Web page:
The problem is that the women don't have any instruments, wouldn't know how to play them if they did and really don't know anything about mariachi music except that they grew up with it and love it. For help, Boli urges Lucha to turn to her godfather, Mino (Bobby Plasencia). Lucha hesitates because her father and Mino, once compadres, have been estranged for years, but she eventually gives in.

Mino initially rejects the request, with the mariachi-is-for-men-only argument among others, but finally comes around because the goal is to sing for Amalia. He insists, however, that the women have to become as good, or even better, than male mariachis.

As part of facilitating this, Mino gives them — and us — a little lecture on mariachis, particularly the requisite instruments and the song genres, among them the waltz, the polka and the romantic bolero.

The transformation of the group into a real mariachi band is a highlight of the evening, especially considering that the actors had to learn to play their instruments as well as sing the traditional songs.

Accompanying them and playing the many other mariachi standards are members of the terrific Sones de Mexico Ensemble — Juan Díes (guitarrón), Victor Pichardo (music director, violin), Zacbé Pichardo (vihuela, Mexican harp), Rodolfo “Rudy” Pinón (trumpet) and guest Giovanni García (trumpet).

Ironically, these musicians are all men. The exception is violinist Eréndira Izguerra, founder of Chicago's first all-female mariachi, Mariachi Sirenas. She portrays Tía Carmen, the calavera (“skull” in Spanish; like a ghost) who opens the show with a traditional “grito” (yell), then is joined by the mariachi for “Son de la Negra.” We see Amalia caught up in this memory, and one of the mysteries that unfolds concerns Amalia's love for her dead aunt Carmen, a mariachi she wanted to emulate and whose broken violin she still has.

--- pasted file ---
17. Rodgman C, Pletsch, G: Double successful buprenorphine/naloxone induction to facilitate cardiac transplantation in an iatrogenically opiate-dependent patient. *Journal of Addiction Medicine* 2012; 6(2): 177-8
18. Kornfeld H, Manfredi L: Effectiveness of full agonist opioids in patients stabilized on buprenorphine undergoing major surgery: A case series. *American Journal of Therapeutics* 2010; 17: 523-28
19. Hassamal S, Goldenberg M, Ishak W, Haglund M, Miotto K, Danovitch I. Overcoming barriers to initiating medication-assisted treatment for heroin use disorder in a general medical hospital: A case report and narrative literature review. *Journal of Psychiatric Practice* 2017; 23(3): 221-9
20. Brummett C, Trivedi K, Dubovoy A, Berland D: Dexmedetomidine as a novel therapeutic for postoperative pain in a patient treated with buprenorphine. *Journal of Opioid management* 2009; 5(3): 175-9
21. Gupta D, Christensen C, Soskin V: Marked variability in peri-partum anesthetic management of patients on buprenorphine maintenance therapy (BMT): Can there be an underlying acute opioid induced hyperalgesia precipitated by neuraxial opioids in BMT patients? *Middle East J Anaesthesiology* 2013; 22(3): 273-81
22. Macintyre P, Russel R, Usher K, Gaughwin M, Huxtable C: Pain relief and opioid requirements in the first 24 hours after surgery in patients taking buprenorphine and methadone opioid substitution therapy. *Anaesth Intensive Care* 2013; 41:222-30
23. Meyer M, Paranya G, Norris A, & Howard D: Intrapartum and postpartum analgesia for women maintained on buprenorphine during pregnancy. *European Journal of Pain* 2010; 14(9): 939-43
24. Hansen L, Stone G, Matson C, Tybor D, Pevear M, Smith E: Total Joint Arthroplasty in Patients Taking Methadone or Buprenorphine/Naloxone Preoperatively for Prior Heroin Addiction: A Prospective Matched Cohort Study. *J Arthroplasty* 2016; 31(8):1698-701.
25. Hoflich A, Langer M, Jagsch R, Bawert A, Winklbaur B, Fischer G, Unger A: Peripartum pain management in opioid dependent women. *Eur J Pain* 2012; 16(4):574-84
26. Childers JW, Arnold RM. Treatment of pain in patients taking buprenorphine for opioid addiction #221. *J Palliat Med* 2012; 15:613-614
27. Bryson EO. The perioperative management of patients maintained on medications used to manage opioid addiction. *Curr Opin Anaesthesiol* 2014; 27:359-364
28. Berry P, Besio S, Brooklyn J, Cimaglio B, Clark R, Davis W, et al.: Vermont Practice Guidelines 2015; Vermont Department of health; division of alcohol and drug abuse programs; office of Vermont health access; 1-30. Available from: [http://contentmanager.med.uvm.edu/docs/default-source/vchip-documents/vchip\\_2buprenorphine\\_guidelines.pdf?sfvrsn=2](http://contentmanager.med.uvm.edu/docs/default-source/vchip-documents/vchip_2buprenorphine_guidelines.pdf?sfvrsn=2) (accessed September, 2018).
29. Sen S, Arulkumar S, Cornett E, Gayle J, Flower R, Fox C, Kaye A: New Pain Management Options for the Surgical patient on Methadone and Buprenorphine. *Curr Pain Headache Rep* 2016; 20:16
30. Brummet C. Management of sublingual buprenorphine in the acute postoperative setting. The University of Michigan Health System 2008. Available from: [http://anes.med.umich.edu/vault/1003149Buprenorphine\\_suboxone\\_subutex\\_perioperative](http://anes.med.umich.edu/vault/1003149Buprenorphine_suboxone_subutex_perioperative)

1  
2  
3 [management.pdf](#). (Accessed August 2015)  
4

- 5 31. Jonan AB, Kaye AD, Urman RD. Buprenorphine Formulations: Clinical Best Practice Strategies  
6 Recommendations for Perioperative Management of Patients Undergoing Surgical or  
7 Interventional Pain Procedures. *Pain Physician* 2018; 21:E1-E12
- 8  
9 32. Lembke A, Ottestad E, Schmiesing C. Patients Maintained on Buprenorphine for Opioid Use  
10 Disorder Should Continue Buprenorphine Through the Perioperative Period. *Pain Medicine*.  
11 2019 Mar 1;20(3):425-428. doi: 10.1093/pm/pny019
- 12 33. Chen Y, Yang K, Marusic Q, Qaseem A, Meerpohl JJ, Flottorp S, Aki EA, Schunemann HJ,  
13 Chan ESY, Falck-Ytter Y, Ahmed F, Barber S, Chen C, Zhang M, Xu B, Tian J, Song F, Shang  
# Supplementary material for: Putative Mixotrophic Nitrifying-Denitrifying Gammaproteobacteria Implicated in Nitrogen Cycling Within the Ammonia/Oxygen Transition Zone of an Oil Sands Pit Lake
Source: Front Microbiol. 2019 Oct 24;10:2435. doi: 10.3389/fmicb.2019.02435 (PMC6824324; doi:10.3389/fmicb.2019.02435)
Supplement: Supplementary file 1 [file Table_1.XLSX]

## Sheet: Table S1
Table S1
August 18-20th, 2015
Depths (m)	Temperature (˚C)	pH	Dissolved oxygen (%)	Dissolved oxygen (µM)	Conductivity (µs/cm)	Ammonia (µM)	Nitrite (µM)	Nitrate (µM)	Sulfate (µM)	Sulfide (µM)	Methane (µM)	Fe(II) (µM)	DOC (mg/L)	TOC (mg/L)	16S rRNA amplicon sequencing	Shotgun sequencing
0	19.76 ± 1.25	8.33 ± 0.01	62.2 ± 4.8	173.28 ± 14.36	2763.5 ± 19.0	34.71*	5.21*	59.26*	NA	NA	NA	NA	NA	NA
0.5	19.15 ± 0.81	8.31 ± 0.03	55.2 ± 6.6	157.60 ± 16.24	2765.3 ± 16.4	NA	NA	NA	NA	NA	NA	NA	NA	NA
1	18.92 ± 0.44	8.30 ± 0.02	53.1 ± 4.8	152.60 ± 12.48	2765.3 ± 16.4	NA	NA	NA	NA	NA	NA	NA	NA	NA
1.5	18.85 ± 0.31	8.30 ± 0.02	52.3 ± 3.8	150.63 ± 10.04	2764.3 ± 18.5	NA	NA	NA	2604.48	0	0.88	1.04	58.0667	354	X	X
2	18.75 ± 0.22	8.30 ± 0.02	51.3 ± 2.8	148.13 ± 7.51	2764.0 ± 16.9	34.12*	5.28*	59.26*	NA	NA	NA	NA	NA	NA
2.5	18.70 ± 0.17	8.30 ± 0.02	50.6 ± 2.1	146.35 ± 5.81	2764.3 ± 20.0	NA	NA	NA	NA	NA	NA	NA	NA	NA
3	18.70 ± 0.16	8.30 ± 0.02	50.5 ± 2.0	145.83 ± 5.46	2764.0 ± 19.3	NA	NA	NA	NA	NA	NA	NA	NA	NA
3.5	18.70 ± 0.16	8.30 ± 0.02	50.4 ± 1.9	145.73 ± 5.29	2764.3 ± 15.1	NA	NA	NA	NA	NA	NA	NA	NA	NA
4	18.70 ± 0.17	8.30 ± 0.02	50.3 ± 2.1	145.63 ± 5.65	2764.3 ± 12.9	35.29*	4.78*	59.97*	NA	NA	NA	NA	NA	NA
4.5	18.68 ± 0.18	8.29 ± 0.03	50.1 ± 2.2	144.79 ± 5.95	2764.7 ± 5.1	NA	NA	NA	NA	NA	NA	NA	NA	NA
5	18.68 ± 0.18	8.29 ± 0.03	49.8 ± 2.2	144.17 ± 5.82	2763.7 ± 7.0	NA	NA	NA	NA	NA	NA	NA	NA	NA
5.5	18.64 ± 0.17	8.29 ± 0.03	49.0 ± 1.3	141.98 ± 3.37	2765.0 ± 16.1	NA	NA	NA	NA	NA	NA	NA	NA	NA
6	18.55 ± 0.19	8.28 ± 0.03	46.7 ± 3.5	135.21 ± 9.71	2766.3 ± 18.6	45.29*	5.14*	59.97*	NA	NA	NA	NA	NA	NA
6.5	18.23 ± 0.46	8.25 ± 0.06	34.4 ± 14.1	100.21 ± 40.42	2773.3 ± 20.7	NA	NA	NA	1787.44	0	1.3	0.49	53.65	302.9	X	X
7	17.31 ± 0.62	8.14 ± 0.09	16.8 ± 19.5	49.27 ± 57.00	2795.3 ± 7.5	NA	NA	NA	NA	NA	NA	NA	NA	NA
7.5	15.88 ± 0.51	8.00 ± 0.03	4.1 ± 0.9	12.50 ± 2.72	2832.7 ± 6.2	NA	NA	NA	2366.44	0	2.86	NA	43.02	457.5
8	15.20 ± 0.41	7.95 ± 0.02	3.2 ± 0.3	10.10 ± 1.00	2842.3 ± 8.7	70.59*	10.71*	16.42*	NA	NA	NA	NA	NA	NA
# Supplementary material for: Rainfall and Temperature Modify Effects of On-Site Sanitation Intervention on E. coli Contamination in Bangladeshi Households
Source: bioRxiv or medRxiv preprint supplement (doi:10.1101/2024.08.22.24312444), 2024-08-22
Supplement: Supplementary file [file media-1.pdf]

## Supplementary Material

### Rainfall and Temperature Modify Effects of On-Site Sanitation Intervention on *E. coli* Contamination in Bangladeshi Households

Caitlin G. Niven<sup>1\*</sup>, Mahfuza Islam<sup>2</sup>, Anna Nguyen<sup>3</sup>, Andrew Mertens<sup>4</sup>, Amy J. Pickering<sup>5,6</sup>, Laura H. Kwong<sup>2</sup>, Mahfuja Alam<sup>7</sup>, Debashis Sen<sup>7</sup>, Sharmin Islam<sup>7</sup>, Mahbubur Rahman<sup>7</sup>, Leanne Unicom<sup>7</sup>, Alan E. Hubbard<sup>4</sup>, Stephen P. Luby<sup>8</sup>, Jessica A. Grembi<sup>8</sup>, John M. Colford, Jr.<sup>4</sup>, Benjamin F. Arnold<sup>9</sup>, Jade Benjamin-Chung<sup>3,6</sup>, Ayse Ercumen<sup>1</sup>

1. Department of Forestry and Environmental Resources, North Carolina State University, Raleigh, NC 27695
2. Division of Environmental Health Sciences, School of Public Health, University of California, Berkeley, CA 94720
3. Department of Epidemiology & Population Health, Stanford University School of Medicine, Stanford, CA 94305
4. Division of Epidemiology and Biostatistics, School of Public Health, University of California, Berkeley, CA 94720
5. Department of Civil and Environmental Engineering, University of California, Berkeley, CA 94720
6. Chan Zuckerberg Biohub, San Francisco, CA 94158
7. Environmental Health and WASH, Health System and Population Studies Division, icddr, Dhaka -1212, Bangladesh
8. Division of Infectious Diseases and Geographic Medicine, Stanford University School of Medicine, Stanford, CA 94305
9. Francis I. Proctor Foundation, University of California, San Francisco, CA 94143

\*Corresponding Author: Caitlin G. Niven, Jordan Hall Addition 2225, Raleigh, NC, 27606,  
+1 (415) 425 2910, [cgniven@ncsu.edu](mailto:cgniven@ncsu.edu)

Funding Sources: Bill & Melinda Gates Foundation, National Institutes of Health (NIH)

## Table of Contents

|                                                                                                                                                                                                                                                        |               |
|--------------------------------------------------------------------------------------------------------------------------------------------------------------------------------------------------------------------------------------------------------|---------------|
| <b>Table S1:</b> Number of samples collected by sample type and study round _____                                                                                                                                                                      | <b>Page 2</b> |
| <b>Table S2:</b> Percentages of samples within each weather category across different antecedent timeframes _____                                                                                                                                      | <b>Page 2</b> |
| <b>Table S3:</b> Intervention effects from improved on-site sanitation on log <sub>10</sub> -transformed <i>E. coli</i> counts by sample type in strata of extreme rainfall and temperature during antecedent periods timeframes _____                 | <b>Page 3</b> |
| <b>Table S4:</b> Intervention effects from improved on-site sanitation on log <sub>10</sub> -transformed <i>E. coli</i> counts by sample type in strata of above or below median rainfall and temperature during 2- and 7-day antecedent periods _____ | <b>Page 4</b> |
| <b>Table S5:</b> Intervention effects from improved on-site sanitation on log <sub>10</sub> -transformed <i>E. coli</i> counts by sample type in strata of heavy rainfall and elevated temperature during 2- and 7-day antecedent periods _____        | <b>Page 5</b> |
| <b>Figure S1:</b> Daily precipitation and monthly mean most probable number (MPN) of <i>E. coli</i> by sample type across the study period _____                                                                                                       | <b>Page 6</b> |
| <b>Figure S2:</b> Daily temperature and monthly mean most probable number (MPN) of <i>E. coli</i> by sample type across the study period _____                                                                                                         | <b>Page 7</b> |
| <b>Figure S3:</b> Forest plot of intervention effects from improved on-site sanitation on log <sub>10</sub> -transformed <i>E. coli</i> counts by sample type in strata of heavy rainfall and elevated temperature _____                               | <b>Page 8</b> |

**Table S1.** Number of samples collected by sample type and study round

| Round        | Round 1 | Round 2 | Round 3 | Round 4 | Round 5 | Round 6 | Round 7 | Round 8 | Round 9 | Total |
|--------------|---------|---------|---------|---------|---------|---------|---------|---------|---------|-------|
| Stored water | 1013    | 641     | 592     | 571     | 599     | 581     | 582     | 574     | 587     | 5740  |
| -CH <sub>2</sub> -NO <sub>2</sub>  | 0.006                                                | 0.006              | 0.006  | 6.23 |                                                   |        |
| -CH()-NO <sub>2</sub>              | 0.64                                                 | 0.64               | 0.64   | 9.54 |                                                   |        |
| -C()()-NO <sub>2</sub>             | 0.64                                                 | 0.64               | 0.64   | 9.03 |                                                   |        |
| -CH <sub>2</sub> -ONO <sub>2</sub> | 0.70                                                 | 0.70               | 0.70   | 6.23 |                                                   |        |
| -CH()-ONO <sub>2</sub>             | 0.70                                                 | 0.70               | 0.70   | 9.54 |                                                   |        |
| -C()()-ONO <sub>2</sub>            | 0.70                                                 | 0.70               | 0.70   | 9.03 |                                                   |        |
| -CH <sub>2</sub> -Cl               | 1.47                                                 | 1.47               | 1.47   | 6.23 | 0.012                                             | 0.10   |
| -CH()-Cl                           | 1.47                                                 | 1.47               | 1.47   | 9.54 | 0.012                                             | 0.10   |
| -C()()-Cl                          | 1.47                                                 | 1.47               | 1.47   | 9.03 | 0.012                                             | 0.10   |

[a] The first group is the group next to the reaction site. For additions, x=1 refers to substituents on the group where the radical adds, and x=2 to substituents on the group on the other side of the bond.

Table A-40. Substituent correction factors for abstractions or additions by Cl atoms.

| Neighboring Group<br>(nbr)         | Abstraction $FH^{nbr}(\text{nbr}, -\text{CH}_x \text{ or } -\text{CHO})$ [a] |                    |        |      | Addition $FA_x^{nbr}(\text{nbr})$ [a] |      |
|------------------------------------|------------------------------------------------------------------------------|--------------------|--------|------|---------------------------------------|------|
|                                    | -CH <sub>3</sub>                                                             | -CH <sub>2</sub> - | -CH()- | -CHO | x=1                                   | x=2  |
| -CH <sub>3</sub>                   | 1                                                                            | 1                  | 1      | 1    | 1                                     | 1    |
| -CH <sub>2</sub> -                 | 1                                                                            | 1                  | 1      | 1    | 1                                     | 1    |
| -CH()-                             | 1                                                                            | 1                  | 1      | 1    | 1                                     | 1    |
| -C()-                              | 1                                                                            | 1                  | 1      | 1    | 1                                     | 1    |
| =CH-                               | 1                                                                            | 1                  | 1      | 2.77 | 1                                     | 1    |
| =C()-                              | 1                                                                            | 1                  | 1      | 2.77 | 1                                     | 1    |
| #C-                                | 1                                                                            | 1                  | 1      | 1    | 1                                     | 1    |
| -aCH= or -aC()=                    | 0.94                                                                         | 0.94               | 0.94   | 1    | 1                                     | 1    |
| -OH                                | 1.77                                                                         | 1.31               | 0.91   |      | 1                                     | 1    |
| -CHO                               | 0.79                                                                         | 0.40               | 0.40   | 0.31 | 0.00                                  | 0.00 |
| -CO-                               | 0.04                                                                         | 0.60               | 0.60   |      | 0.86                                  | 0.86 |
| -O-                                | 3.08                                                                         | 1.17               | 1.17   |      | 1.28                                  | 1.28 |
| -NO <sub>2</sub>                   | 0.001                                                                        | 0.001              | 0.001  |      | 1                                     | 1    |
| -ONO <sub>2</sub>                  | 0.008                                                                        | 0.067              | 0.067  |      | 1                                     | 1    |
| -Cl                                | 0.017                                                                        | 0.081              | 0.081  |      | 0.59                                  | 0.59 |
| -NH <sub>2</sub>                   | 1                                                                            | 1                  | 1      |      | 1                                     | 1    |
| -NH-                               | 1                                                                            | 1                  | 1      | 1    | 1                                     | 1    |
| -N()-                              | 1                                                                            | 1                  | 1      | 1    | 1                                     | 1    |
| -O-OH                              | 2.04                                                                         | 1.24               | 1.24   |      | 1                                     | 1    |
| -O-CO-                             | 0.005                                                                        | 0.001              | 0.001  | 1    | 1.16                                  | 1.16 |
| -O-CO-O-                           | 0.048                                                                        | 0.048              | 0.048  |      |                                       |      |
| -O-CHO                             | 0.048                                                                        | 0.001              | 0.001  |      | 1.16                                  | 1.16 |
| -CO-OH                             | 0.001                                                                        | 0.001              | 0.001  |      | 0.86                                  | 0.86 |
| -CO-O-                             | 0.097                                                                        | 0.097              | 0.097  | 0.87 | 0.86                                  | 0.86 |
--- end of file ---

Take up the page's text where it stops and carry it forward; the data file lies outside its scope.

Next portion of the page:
How and why that violin got broken is part of the other ultimately solved mystery, as is the source of the “A.M.” recording, the cause of the falling out between Federico and Mino and the reason Federico basically shut out his wife, though he's stayed with her during her illness. His stern behavior toward Lucha figures in this too, making him pretty much of a jerk right up to a forgiveness-filled finale suffused with beautiful rendition of “Mi Rosa Como Ninguna” and more music.

While Solano's Lucha and the actors playing her parents are strong, and Plascencia's Mino provides a winning low-key contrast, Godinez as Boli and Benavides as Soyla steal whatever scenes they're in.

Linda Buchanan's multilevel set, with alcoves for the mariachi, morphs into some locations better than others. Danielle Nieves' costume design is a delight, capturing both the feel of the 1970s and the aura of the mariachi to a T. Maria-Christina Fusté's lighting and Ray Nardalli's sound design help distinguish the memory scenes and the other shifts in tone.

In truth, “American Mariachi” could have a less predictable plot, the dialogue could be stronger and the theme of female empowerment could be treated with more subtlety, but I found its inclusiveness well-suited to the times. and the lively mariachis irresistible.